(a) For where there were many sacrifices, there were many portions given to the people, with which they feasted.

EXEGETICAL (ORIGINAL LANGUAGES)
1. sacrifices with strife] Lit. sacrifices of strife, but better rendered, good cheer with strife, A.V. marg.; or, feasting with strife, R.V. text. This rendering, however, may be arrived at in either of two ways, (1) We may suppose that the ordinance of feasting on part of a sacrifice Leviticus 7:16; Leviticus 19:6-8) appealed so to the popular mind, that the restriction to “the place which the Lord their God should choose” (Deuteronomy 12:4-14) came to be neglected, and as is too commonly the case, with Christmas, for example, in our own day, the word which should have denoted a religious act before God, sank down to mean a mere worldly feast at home. (2) But it may be doubted whether the Heb. for sacrifice is not used here in the sense of animals slain or killed for eating, as in Deuteronomy 12:15; 1 Samuel 28:24; 1 Kings 19:21; and Ezekiel 39:17, compared with Revelation 19:17, where θυσία of the LXX. becomes δεῖπνον. See also Matthew 22:4.Verse 1. - (Comp, Proverbs 15:16, 17; Proverbs 16:8.) Better (sweeter) is a dry morsel, and quietness therewith. Dry bread was soaked in wine or water before it was eaten. Thus Boaz bid Ruth "dip her morsel in the vinegar" (Ruth 2:14); thus Jesus gave the sop to Judas when he had dipped it (John 13:26). The Septuagint is pleonastic, "Better is a morsel with joy in peace." Aben Ezra connects this verse with the last two of ch. 16, confining the application to the patient man; but the sentence seems rather to be independent and general. Than an house full of sacrifices with strife. Of the thank or peace offerings part only was burnt upon the altar, the rest was eaten by the offerer and his family; and as the victims were always the choicest animals, "a house full of sacrifices" would contain the materials for sumptuous feasting (see on Proverbs 7:4). The joyous family festival often degenerated into excess, which naturally led to quarrels and strife (see 1 Samuel 1:5, 6, 13; 1 Samuel 2:13, etc.). So the agapae of the early Church were desecrated by licence and selfishness (1 Corinthians 11:20, etc.). Septuagint, "than a house full of many good things and unrighteous victims with contention." With this verse compare the Spanish proverb, "Mas vale un pedazo de pan con amor, que gallinas con dolor." 28 A man of falsehood scattereth strife,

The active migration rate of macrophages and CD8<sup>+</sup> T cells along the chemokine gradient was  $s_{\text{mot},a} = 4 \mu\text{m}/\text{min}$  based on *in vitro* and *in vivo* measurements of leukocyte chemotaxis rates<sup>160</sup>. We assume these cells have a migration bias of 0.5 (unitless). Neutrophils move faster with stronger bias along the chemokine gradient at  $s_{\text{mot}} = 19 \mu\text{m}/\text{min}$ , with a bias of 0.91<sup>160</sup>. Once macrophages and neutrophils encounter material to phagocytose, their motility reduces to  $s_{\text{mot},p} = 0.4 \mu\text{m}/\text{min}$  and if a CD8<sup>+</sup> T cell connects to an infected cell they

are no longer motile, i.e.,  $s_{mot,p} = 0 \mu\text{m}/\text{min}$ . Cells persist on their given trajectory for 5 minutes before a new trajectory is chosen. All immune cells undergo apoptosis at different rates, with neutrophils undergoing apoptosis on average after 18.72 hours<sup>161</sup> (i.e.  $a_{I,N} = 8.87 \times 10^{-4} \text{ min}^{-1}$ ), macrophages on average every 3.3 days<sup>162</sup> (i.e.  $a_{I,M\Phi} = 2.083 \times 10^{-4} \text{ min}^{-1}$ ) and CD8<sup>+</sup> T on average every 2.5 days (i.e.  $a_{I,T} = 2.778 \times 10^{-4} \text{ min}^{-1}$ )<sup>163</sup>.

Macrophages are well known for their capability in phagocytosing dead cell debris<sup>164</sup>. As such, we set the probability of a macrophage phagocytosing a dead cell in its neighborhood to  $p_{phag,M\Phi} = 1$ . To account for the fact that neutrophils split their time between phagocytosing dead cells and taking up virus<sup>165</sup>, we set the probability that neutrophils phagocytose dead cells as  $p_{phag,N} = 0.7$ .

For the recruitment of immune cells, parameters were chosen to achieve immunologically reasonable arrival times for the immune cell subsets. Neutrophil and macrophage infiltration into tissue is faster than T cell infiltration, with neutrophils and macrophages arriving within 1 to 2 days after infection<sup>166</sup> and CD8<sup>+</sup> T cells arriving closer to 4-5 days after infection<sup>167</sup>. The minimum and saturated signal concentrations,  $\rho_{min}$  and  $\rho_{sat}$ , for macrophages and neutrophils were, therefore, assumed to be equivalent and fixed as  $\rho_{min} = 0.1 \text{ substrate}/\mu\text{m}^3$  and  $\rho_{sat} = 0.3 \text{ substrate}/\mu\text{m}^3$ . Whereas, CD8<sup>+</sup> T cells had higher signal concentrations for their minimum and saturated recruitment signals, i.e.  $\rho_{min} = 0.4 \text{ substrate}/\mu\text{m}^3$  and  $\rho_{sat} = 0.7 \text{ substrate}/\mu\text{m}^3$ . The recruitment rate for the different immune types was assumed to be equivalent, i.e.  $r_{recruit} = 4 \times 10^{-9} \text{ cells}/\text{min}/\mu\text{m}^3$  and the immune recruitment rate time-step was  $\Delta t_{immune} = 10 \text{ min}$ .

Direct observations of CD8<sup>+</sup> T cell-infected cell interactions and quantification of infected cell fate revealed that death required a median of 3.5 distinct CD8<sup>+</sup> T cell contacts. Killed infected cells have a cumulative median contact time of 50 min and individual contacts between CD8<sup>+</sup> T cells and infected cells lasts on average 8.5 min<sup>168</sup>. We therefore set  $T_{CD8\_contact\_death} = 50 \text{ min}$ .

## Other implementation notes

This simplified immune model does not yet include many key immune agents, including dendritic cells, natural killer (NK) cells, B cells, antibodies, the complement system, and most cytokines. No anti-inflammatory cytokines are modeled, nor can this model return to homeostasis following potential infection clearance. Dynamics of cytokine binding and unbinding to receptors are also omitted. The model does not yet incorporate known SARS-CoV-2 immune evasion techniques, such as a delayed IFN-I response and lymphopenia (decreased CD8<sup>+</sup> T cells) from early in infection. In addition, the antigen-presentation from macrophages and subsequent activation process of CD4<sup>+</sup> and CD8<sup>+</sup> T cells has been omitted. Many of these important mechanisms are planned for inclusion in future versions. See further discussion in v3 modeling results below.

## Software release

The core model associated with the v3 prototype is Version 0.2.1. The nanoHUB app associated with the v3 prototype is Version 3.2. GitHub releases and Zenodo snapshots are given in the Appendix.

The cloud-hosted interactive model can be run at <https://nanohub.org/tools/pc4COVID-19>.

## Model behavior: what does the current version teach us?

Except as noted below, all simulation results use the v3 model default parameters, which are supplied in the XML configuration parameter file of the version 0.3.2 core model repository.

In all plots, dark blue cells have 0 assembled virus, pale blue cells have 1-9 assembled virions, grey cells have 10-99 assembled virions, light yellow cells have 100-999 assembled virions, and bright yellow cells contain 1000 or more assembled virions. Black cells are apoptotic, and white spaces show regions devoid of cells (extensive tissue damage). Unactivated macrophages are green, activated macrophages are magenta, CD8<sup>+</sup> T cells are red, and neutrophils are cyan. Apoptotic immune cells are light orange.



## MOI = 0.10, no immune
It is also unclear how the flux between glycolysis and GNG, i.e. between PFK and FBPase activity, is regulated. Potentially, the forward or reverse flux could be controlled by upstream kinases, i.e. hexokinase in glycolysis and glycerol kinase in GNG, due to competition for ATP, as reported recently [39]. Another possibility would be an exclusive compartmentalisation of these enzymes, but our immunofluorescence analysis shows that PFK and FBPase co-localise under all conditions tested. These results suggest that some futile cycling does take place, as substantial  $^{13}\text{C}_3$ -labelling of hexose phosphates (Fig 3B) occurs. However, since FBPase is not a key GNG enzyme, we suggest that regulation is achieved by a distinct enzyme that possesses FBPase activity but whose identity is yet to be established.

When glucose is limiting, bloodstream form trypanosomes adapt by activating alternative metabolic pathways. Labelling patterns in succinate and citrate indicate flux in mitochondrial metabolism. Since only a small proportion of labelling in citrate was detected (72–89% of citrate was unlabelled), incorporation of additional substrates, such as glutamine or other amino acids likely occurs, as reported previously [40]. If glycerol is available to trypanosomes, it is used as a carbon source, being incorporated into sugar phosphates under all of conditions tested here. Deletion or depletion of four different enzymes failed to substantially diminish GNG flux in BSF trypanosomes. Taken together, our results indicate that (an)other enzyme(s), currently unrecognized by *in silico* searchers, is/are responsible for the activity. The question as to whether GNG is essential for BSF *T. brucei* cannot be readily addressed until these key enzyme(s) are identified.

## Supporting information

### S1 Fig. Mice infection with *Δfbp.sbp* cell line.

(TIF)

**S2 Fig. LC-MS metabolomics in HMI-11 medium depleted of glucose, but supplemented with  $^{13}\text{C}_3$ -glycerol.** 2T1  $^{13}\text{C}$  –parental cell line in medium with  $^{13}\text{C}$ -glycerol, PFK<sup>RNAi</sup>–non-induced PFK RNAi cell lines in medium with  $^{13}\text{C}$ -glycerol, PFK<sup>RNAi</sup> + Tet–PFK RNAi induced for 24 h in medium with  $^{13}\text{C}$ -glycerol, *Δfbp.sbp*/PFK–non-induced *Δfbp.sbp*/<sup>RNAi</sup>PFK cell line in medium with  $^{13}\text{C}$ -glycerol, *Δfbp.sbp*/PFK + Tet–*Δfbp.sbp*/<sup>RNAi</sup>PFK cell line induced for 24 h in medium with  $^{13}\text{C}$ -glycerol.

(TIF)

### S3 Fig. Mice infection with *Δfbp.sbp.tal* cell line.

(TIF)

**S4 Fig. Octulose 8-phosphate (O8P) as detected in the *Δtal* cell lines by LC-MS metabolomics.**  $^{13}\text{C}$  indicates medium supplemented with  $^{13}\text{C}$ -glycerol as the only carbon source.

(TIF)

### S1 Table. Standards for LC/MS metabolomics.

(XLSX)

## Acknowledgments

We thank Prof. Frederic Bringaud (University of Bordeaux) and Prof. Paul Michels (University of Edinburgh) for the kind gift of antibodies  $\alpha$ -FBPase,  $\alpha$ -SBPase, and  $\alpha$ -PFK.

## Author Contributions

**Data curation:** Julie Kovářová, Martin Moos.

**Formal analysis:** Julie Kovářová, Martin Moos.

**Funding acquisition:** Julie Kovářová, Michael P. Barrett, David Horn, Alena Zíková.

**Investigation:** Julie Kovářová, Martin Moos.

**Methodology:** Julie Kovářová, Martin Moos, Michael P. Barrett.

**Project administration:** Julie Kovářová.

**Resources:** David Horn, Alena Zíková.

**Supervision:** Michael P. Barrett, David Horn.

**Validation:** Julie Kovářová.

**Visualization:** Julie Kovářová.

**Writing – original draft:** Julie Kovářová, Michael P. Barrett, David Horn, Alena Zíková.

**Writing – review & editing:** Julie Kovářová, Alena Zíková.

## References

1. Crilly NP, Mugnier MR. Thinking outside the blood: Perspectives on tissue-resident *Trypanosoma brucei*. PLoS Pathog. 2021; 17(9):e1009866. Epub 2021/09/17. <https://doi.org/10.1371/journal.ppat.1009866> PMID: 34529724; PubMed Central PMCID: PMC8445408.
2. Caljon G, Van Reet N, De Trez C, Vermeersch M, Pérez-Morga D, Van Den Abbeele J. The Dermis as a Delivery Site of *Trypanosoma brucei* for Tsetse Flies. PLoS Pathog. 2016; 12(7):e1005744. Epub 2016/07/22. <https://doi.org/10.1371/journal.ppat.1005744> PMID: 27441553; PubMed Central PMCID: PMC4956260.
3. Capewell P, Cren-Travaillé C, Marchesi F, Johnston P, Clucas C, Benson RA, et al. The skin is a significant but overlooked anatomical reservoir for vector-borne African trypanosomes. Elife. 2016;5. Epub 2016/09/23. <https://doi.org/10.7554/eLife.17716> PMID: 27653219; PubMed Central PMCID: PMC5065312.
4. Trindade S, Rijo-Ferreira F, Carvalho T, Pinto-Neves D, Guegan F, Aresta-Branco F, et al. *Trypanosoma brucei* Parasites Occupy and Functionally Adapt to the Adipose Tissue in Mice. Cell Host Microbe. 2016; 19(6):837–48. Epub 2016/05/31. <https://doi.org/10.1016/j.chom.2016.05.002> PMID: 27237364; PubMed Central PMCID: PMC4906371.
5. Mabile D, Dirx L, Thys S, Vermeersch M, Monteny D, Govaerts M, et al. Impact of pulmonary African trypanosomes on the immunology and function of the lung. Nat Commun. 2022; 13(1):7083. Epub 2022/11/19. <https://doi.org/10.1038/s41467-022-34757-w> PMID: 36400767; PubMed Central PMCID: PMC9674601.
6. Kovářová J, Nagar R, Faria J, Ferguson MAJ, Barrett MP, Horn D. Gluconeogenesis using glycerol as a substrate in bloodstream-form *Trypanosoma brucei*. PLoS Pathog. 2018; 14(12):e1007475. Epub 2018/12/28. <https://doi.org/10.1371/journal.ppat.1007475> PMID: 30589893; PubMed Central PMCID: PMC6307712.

And a backbiter separateth confidential friends.

Regarding תּהפּכות (מדבר) אישׁ, vid., Proverbs 2:12, and מדון ישׁלּח, Proverbs 6:14; the thought of 28b is found at Proverbs 6:19. נרגּן (with ן minusculum, which occurs thrice with the terminal Nun) is a Niphal formation from רגן, to murmur (cf. נזיד, from זיד), and denotes the whisperer, viz., the backbiter, ψίθυρος, Sir. 5:14, ψιθυριστής, susurro; the Arab. nyrj is abbreviated from it, a verbal stem of נרג (cf. Aram. norgo, an axe, Arab. naurag, a threshing-sledge equals מורג) cannot be proved. Aquila is right in translating by τονθρυστής, and Theodotion by γόγγυσος, from רגן, Hiph. נרגּן, γογγύζειν. Regarding אלּוּף, confidential friend, vid., p. 82; the sing., as Proverbs 18:9, is used in view of the mutual relationship, and מפריד proceeds on the separation of the one, and, at the same time, of the other from it. Luther, in translating by "a slanderer makes princes disagree," is in error, for אלּוּף, φύλαρχος, is not a generic word for prince.